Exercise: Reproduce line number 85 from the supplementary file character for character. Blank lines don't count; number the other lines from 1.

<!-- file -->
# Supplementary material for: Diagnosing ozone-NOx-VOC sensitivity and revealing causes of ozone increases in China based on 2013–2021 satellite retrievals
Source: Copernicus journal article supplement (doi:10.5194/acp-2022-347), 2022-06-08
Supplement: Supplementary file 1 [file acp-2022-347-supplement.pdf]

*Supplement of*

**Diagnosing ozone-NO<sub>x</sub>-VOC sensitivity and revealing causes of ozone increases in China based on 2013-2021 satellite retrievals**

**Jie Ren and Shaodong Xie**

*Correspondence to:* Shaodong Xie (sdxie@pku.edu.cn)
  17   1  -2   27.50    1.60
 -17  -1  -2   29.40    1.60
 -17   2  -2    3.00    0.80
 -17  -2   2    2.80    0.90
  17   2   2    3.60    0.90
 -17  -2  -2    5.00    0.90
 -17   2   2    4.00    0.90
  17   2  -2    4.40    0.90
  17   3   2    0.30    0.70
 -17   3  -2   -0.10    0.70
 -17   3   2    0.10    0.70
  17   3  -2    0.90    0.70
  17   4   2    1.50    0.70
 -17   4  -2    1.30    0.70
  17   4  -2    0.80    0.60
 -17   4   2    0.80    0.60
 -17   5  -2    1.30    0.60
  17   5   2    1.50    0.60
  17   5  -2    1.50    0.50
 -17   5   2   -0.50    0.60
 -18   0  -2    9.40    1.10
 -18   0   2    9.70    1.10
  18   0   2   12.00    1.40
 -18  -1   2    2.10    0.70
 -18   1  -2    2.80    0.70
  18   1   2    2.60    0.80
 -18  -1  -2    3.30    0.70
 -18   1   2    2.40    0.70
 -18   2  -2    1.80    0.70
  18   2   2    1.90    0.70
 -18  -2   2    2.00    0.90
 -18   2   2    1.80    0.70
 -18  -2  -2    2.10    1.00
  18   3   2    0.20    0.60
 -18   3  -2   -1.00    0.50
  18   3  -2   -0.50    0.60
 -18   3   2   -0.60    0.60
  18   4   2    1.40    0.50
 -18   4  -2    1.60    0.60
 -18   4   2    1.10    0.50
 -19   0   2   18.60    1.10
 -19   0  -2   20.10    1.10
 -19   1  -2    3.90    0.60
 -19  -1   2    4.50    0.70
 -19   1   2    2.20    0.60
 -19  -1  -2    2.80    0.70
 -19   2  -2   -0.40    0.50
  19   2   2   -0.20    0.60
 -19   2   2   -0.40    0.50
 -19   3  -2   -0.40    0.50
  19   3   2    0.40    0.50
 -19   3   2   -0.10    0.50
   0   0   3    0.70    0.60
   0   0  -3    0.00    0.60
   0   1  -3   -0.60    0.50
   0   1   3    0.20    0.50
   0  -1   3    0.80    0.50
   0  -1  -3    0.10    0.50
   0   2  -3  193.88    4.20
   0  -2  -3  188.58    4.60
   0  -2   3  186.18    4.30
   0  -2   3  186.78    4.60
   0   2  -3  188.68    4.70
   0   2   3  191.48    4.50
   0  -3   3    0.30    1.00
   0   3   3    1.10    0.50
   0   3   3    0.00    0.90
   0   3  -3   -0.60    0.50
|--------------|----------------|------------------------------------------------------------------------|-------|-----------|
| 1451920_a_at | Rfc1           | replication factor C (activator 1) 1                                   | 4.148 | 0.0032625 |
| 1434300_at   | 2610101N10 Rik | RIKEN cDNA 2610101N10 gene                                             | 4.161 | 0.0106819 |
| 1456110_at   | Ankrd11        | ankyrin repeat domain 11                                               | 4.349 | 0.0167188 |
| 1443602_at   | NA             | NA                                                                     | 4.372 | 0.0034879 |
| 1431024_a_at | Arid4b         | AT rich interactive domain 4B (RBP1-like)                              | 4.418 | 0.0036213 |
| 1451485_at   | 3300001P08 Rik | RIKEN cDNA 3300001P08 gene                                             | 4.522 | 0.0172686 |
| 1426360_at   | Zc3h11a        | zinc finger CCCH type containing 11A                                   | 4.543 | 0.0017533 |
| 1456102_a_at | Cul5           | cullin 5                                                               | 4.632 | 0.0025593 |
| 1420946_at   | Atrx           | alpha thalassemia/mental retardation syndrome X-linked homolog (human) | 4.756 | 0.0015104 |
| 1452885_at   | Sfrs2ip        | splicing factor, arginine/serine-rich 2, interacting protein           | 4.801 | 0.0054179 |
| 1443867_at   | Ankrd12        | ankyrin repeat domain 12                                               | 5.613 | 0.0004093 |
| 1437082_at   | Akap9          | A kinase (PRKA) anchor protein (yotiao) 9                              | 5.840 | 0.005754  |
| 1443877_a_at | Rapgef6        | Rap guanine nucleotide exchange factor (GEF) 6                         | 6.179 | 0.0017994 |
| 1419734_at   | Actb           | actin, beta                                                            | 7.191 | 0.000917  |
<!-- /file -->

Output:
| 1420946_at   | Atrx           | alpha thalassemia/mental retardation syndrome X-linked homolog (human) | 4.756 | 0.0015104 |